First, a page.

Politics

10.17.13

Cory Booker is Heading to Washington

Cory Booker was elected to join the Senate in a New Jersey special election Wednesday night. Matt Taylor says it won’t be long before the Newark mayor is making waves in Washington.

Take note, Washington elite: a superhero is on the way.

Propelled by his near-universal name recognition and an epic fundraising advantage, Newark Mayor Cory Booker achieved a decisive win in New Jersey's special Senate election Wednesday night. By the end of month, his massive Twitter following and penchant for political pageantry will be making a new home in America's dysfunctional capital.


Booker defeated Steve Lonegan, a former small town mayor and ardent Tea Party conservative, by a comfortable 55-44 margin. Since winning the Democratic primary in August, his campaign emphasized bipartisan cooperation and pro-business centrism -- themes that struck a chord with the New Jersey electorate as ideological gridlock brought basic federal government operations to a halt. Of course, a deal to raise the debt limit was reached hours before Booker’s election, but one has to assume he will find a way to make himself heard sooner rather than later.

"This is a vote for a certain kind of politics as much as a party or personality," says Ben Dworkin, director of the Institute for New Jersey Politics at Rutgers. Not that personality was lacking, what with Booker's propensity for tweeting at strippers and Lonegan's insistence on touting orthodox Tea Party conservatism in a state where Democrats outnumber Republicans by about 700,000.

And then there was the elephant in the room: Governor Chris Christie, a rising GOP star facing re-election next month who is being mooted as a 2016 presidential hopeful. Christie, who defeated Lonegan himself in a feisty gubernatorial primary four years ago, did just enough on the Republican Senate nominee’s behalf -- recording robocalls, for example --  to give the veneer of commitment to the conservative cause without actually sacrificing any of the raw political capital he needs for the future.

Lonegan ran a campaign straight out of the Tea Party playbook. He decried out-of-control spending by Washington and sympathized with conservatives on the Hill who shut down the government in a bid to defund Obamacare. The former mayor of a town called Bogota thumbed his nose at the conventional wisdom that such a hard-right message would prove toxic in “Blue Jersey,” and the dozens of conservative activists at his victory party in an elegant suburban banquet hall showered him with adoration and pleas for another run as soon as possible. The ones I canvassed viewed Christie as an establishment figure, certainly, but were willing to forgive him for focusing on his own political survival. In fact, the scene was a rather optimistic one, centering on pride that Lonegan had outperformed initial expectations. This race seemed to be as much about making the point that Tea Party conservatism is a force in New Jersey as actually electing a senator.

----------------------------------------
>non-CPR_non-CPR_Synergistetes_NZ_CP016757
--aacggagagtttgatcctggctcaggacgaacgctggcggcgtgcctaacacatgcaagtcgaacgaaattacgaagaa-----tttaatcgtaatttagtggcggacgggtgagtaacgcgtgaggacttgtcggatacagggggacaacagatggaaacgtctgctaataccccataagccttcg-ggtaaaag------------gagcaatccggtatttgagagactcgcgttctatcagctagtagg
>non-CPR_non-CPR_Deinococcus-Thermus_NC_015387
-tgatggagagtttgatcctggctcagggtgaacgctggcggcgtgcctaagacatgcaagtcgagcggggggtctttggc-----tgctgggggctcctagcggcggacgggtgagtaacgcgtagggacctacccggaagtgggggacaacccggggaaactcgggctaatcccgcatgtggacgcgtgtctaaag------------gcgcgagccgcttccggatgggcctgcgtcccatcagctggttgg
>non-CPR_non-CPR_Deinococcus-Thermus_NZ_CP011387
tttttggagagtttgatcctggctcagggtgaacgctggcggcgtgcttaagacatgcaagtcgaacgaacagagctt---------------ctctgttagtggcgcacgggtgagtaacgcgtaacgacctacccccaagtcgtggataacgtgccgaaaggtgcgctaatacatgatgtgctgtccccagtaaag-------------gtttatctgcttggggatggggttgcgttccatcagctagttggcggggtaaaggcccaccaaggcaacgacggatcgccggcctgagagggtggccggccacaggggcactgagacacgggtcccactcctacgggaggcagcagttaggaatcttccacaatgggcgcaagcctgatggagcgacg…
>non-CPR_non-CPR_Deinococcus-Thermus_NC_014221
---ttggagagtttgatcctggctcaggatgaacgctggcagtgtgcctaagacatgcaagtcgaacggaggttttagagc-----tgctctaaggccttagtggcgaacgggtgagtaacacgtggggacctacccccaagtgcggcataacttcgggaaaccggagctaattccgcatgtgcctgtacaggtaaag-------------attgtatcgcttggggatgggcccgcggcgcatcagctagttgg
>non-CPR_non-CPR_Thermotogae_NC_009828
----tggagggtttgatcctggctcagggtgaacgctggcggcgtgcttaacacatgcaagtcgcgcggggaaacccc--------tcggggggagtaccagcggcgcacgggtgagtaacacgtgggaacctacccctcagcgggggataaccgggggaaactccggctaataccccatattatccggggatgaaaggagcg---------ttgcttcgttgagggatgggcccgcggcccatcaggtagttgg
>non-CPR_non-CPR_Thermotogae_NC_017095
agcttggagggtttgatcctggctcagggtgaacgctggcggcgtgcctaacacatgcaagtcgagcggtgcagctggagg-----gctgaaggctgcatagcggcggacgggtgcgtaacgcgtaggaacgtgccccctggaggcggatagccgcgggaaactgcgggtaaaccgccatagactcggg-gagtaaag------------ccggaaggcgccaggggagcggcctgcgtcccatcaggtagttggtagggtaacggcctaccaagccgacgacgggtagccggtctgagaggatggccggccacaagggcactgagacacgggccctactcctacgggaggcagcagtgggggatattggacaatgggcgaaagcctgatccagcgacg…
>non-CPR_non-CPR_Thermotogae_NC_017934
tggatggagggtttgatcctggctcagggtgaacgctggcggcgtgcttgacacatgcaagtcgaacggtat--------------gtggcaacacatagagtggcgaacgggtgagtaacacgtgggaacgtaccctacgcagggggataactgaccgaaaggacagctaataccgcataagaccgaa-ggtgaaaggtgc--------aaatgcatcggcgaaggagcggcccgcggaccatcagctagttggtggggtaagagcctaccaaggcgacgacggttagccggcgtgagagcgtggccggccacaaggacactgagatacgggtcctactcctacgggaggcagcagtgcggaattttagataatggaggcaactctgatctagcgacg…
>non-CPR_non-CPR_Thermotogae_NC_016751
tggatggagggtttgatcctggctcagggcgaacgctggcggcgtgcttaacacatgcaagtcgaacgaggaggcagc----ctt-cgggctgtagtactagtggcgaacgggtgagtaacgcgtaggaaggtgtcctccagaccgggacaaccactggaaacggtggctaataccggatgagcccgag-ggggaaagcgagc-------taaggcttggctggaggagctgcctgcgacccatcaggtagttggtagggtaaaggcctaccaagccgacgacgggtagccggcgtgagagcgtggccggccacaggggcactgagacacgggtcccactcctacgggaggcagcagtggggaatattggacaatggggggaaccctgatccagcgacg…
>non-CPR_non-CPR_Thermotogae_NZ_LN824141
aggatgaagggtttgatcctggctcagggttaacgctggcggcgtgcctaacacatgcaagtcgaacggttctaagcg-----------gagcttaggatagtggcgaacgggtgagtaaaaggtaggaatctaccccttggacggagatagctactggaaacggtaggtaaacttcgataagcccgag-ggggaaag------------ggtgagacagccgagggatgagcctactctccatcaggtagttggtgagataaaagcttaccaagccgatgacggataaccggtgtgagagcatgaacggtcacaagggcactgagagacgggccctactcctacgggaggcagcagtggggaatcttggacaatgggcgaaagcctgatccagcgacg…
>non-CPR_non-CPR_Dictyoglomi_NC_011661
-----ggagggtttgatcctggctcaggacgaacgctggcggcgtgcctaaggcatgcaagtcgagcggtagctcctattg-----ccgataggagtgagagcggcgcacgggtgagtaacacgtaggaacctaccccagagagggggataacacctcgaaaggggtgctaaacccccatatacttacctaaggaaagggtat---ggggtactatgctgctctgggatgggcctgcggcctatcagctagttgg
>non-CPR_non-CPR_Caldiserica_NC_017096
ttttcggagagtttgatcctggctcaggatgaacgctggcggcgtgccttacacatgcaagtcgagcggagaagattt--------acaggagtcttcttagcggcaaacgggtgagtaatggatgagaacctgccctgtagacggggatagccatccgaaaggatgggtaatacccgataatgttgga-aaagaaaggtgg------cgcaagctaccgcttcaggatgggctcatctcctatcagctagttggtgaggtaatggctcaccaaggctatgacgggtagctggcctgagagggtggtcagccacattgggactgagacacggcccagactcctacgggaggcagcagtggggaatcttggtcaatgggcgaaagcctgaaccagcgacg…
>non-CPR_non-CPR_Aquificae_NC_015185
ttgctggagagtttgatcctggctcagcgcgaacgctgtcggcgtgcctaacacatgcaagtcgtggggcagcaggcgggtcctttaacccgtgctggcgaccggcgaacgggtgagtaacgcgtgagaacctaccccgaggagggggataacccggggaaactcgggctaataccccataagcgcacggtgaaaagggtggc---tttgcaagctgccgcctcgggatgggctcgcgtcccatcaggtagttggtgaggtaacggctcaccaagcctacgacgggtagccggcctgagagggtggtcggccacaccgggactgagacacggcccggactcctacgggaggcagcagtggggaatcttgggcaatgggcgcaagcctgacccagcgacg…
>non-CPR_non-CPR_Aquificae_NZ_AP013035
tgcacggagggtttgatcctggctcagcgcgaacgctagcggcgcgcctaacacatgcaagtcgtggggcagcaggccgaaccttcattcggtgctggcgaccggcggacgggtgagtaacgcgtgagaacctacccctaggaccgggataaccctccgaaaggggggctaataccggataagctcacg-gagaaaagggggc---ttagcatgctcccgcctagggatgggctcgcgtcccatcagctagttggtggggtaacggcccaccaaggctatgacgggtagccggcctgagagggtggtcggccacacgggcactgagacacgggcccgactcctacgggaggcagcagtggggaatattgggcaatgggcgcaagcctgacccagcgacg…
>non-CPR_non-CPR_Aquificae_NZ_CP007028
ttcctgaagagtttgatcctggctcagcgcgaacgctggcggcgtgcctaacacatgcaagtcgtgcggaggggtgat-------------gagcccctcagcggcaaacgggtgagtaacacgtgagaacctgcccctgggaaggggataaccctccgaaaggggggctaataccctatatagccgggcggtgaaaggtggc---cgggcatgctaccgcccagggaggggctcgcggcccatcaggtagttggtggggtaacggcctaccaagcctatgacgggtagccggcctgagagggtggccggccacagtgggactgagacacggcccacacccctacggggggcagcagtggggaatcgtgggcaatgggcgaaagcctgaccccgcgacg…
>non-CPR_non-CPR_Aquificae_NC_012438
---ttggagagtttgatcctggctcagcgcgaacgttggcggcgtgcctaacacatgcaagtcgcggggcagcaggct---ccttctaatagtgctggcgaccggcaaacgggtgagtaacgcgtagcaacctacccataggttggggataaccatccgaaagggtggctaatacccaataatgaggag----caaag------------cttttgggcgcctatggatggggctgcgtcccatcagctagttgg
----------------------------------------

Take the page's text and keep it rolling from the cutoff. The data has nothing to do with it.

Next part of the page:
The Newark mayor emerged unscathed with a healthy war chest to help secure a full term next year.

Political observers pounced this week on the fact that Booker’s once-stratospheric lead in the polls had collapsed to merely a dominant one, but his allies argue the important thing is that the Newark mayor emerged unscathed with a healthy war chest to help secure a full term next year.

“When you put your hand on the Bible and raise your hand, they don’t ask you how much you won by,” New Jersey Democratic Congressman Rob Andrews told the Daily Beast. “Cash on hand is better than five extra points tonight.”
Lonegan vowed to return to the promised land that is the private sector in a brief concession speech delivered a few minutes after the Associated Press called the race for Booker, one in which he seemed to delight in his own failure.

“Who wants that job anyway?” he joked, eliciting cheers from the crowd, which skewed old and white. When Lonegan thanked Christie for his assistance, the throng of activists went silent, before exploding into applause when he made similar gestures of gratitude to Sarah Palin and Texas Governor Rick Perry, both of whom stumped on his behalf.

“The big Washington power groups and consultants said we couldn't win,” Lonegan said to howls. “Well, maybe if they had played a role in this election, we would have won. But we rode this election near victory on the backs of giants, and that's you guys."

The national GOP and its fundraising apparatus left Lonegan for dead from the start. Even if it’s tempting to ascribe his massive defeat to an all-out embrace of the government shutdown, the former head of the New Jersey chapter of Americans for Prosperity was on a collision course with disaster no matter what he did in the campaign’s final weeks.

Cory Booker is an outsized figure who has garnered huge popularity and media coverage by replying to questions from Newark residents via Twitter and even rescuing a neighbor from a fire. He also had the entire Democratic establishment, from President Obama to local machine bosses like South Jersey insurance giant George Norcross, making his case in backrooms and on television screens. Labor went all-in, too, even if Booker’s cozy relationship with Wall Street has raised eyebrows nationally. Michael Bloomberg made his mark with an estimated $1 million in pro-Booker TV spots as well, compensating for any lost cash from activist progressives like Netroots.

During the campaign, Booker promised to leverage his wealthy allies for the public good, including aggressive measures to combat child poverty. Now that he’s been elected, the question is whether he can use his unique skill set to shake things up in Washington. After all, what works in a burning building in his home city may not work in the Capitol.

With reporting by Ben Jacobs.